Tales of the Cocktail in New Orleans is one of the biggest conventions of bartenders the world over. Anchor Lisa Mullins talks to beverage writer Camper English about international bartenders, bar tending trends and exciting new cocktails.
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Lisa Mullins: One of the world’s biggest bartender conventions is underway in New Orleans now. It’s called Tales of the Cocktail. Mixed drink experts from all around the world are there to compare notes and recipes too. Now covering such a merry gathering is a tough assignment we’re sure, but freelance writer Camper English is up to the task. He’s been chatting all this week with bartenders from many countries and he’s got some stories to tell, starting with how a drink is served in Japan.
Camper English: The drink may be simple, but the preparation, the amount of care and attention that they give to you, the customer, as well as to the drink is huge and tremendous. So by the time the thing comes, not only are you very thirsty because you’ve been waiting a long time, but you also feel very special by all the preparation that has been done to make this drink just for you. And that’s the attention that they give to you in Japan.
Mullins: I guess there’s one particularly interesting Japanese bartender. He has a certain kind of art to his attending.
English: Yes, his name is Ueno Hidetsugu, just known as [inaudible 1:03] within the industry. And he his famous for his bar in Tokyo, the High Five bar, as well as for carving diamond shaped ice cubes per drink order. If you order say a whiskey on the rocks, it’s going to be just on one big ice diamond. As well, there’s a Japanese style of shaking called the hard shake.
Mullins: Describe it, like athletic?
English: No, though it’s known as the hard shake, it’s actually not very hard. There’s a system of angles though that the bartender uses to make the ice fly in a circular motion inside of the cocktail shaker, which provides maximum aeration to the drink; it looks really cool at the end of the day. You’re shaking up and down, and up and down, instead of just back and forth like an American bartender might do.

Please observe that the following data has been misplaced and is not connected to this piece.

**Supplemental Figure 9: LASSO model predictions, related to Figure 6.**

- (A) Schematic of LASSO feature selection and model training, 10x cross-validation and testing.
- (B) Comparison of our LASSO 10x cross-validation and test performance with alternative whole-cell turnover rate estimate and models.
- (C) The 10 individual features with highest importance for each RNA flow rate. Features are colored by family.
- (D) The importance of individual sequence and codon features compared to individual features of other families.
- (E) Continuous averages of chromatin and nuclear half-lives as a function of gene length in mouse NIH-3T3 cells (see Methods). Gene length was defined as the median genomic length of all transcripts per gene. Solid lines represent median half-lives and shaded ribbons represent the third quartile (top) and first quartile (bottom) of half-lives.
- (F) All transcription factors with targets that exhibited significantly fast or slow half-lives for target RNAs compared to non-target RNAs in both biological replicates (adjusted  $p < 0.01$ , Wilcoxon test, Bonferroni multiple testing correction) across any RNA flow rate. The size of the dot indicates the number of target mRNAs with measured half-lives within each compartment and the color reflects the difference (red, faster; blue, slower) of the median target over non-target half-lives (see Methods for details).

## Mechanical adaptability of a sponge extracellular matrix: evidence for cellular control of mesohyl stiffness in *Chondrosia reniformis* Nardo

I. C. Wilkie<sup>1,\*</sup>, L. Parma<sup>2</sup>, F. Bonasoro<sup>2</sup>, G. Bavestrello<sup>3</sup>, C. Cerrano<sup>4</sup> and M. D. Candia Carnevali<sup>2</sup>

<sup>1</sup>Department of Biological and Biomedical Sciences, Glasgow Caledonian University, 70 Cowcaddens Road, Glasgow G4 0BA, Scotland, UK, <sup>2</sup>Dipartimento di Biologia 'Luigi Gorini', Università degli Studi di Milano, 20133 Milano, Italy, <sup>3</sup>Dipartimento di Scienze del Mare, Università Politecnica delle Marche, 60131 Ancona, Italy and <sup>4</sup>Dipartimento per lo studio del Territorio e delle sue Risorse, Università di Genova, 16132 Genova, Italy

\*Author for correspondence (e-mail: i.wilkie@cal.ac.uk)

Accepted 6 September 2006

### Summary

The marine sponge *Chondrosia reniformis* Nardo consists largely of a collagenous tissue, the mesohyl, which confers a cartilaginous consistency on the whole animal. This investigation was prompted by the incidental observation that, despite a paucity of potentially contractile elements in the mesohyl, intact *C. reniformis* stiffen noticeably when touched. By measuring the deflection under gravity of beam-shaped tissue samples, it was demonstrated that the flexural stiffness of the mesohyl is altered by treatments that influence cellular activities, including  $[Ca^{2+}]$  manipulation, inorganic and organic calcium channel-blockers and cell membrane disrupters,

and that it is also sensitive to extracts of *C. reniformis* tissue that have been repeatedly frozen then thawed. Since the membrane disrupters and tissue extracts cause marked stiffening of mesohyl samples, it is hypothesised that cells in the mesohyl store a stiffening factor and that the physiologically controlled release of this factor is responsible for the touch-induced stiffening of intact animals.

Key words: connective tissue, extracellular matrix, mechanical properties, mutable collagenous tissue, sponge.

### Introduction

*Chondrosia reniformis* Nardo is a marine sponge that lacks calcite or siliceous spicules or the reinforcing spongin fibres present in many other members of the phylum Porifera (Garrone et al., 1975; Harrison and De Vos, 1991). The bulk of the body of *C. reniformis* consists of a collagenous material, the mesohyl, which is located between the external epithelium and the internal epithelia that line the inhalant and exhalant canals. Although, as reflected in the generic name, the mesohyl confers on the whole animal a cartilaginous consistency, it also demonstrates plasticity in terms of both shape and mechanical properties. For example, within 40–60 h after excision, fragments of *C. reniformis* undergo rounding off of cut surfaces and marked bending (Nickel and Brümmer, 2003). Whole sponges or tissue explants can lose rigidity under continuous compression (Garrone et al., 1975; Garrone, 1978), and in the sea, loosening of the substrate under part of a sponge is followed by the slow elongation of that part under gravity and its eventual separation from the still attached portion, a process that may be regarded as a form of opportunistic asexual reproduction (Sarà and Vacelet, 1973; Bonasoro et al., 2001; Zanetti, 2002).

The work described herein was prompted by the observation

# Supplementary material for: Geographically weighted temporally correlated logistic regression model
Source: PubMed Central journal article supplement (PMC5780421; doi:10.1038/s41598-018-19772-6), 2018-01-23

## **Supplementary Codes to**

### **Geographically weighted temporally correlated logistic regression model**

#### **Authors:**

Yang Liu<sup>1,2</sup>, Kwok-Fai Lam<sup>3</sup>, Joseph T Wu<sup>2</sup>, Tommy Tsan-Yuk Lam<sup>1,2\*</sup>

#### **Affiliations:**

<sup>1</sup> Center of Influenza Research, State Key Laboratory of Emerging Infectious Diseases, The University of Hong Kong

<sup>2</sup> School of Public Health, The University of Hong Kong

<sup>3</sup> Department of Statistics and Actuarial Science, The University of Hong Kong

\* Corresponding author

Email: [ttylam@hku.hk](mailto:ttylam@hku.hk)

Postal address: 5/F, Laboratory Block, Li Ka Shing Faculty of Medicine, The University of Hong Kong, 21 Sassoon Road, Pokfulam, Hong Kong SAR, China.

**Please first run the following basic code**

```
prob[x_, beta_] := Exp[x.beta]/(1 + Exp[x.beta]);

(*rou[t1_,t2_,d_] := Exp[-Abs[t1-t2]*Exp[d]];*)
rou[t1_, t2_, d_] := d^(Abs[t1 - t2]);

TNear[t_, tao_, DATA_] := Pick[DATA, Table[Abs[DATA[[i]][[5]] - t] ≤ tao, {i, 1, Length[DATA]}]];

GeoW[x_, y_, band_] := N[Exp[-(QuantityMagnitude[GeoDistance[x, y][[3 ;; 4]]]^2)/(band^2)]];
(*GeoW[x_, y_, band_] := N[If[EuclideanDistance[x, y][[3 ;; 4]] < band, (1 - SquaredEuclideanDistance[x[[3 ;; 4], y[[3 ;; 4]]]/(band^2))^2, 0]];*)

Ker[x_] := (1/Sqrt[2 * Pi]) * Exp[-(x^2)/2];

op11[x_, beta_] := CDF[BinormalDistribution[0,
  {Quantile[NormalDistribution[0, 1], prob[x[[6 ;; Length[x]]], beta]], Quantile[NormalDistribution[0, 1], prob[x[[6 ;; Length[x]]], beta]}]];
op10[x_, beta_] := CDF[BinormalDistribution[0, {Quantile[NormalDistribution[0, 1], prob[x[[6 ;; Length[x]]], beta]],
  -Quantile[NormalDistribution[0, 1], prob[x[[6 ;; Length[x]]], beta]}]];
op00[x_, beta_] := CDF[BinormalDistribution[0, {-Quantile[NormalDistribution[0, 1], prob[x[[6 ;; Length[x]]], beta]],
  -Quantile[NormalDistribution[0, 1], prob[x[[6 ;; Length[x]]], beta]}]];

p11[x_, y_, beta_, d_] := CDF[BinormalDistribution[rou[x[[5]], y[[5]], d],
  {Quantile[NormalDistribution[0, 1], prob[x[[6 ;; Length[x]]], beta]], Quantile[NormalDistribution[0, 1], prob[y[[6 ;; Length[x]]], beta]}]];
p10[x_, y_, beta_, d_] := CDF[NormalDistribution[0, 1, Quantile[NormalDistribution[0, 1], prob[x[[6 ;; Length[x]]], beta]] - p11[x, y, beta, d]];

Mullins: And you can charge more that way too, huh?
English: Absolutely, the longer it takes the bigger the tip.
Mullins: That’s right. How about some of the British bartenders.
English: Yes, there are many British bartenders. The London cocktail scene was ahead of the American cocktail scene for several years. I think now they’re catching up pretty well. But if we think of more of a traditional English butler — very polite, always acting like a host, not treating you like just another restaurant customer, that is what they’ve been known for. As well as the London bars right now are in love with over-garnishing a drink. There might be six pieces of garnish on one single cocktail.
Mullins: So what kind of garnishes?
English: Well, everything from traditional like mints powdered with powdered sugar, to things you might see on cake decorations — the little pearls of gold and silver, some flowers (orchids are very big), straw made out of a vanilla bean — things of that. The most wonderful and ridiculous things you can think of to put on top of a drink you’ll find in the London bar scene in particular.
Mullins: You go worldwide seeking out the best cocktails, alcoholic or not. Can you give us your favorite?
English: I have become obsessed with shrubs, which are drinking vinegars. The vinegar adds a little bit of tingling effervescence to the tongue and it’s much better than it probably sounds.
Mullins: That’s Camper English whose blog is Alcademics.com speaking to us from New Orleans where he’s been attending the Tales of the Cocktail bartender convention. We have a link to Camper’s drink list on our website. We’d also like to hear from you about your own favorite cocktail recipes — alcoholic or non — send the to theworld.org.
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